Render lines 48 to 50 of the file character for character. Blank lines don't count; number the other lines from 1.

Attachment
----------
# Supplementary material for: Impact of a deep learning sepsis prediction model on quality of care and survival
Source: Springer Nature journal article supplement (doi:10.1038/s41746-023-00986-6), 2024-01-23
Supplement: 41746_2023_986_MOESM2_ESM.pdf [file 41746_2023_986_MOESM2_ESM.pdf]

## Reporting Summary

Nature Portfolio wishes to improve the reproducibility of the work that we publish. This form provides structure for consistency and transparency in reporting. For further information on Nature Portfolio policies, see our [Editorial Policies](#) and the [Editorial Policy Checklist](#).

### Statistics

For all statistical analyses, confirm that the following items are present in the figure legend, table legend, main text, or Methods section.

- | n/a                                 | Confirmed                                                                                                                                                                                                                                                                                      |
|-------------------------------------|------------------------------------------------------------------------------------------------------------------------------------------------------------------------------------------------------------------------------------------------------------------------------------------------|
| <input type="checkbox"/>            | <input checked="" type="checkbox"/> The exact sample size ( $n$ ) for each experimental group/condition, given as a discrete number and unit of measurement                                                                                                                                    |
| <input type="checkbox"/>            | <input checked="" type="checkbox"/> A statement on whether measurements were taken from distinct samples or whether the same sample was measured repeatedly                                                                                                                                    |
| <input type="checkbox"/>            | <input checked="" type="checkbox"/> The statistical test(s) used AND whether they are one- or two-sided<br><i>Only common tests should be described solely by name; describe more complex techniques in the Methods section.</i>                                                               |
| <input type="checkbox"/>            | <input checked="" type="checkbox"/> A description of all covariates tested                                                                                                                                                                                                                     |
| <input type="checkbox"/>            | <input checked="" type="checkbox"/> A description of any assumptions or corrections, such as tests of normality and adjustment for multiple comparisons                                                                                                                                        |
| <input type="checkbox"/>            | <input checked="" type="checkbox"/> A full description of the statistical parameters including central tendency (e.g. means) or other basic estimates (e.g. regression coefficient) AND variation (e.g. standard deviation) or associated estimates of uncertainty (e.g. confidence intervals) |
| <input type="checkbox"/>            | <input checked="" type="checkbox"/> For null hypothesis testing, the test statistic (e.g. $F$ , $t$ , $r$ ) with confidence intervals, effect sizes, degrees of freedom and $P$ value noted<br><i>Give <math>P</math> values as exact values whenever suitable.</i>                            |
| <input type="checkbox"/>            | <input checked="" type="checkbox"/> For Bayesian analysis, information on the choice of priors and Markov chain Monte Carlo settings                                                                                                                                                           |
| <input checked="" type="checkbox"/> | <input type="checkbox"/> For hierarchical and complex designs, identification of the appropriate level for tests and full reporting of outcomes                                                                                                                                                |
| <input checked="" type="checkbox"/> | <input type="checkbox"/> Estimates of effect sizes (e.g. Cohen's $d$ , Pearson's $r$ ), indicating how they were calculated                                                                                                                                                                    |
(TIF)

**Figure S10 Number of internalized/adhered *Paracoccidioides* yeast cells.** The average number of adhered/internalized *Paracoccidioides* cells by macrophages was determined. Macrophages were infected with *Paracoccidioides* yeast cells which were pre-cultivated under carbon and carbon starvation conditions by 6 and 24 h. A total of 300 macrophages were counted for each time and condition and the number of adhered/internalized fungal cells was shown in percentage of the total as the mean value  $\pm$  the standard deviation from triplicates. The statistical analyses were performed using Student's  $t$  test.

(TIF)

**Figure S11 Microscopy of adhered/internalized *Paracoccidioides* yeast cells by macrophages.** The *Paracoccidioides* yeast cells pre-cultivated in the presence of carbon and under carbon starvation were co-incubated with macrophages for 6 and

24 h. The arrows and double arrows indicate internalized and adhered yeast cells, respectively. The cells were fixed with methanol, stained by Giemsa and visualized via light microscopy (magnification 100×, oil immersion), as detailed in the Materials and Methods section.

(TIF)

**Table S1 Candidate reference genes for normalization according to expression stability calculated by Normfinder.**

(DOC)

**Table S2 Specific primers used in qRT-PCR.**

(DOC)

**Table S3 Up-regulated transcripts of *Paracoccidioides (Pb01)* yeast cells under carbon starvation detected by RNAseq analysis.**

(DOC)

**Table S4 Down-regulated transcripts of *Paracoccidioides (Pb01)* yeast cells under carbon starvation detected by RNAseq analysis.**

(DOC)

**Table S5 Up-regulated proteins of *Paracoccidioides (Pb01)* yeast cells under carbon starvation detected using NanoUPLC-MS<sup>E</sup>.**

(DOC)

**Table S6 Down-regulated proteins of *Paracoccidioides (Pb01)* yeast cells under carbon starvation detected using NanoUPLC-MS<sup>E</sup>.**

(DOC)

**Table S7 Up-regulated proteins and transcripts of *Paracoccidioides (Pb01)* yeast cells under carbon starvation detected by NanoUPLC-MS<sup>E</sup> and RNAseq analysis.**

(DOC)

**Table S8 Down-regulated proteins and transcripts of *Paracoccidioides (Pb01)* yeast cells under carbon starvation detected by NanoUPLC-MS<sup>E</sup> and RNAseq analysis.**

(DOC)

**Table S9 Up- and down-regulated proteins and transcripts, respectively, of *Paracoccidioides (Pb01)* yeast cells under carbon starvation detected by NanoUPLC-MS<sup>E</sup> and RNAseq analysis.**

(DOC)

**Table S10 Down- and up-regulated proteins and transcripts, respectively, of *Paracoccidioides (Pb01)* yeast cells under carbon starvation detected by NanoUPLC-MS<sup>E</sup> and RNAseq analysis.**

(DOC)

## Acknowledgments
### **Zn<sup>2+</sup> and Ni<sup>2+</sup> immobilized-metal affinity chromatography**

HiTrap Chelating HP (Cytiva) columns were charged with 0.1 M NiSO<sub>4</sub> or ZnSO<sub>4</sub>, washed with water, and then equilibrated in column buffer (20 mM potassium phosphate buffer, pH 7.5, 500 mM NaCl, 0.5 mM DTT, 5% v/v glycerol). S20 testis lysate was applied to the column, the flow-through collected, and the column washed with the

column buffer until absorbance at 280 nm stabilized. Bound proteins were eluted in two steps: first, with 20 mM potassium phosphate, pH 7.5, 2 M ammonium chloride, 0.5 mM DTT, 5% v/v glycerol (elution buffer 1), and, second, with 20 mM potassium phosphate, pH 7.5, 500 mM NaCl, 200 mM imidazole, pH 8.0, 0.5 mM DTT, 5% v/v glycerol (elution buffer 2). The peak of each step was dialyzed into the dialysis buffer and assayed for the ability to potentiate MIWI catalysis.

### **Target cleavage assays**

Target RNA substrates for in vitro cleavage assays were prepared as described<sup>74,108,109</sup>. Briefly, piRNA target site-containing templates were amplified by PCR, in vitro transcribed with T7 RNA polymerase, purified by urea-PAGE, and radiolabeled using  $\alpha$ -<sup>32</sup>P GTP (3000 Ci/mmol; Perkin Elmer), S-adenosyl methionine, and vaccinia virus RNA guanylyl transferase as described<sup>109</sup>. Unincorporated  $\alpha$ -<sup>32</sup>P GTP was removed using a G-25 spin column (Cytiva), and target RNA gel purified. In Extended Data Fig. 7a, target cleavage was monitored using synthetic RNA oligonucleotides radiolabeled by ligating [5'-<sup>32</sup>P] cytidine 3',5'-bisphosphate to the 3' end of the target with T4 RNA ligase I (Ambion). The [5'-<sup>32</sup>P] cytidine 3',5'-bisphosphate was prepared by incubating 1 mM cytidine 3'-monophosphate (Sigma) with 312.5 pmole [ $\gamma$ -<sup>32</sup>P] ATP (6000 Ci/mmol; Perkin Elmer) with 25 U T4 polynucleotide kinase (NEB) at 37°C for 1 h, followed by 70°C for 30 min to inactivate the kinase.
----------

HiTrap Chelating HP (Cytiva) columns were charged with 0.1 M NiSO<sub>4</sub> or ZnSO<sub>4</sub>, washed with water, and then equilibrated in column buffer (20 mM potassium phosphate buffer, pH 7.5, 500 mM NaCl, 0.5 mM DTT, 5% v/v glycerol). S20 testis lysate was applied to the column, the flow-through collected, and the column washed with the

column buffer until absorbance at 280 nm stabilized. Bound proteins were eluted in two steps: first, with 20 mM potassium phosphate, pH 7.5, 2 M ammonium chloride, 0.5 mM DTT, 5% v/v glycerol (elution buffer 1), and, second, with 20 mM potassium phosphate, pH 7.5, 500 mM NaCl, 200 mM imidazole, pH 8.0, 0.5 mM DTT, 5% v/v glycerol (elution buffer 2). The peak of each step was dialyzed into the dialysis buffer and assayed for the ability to potentiate MIWI catalysis.

### **Target cleavage assays**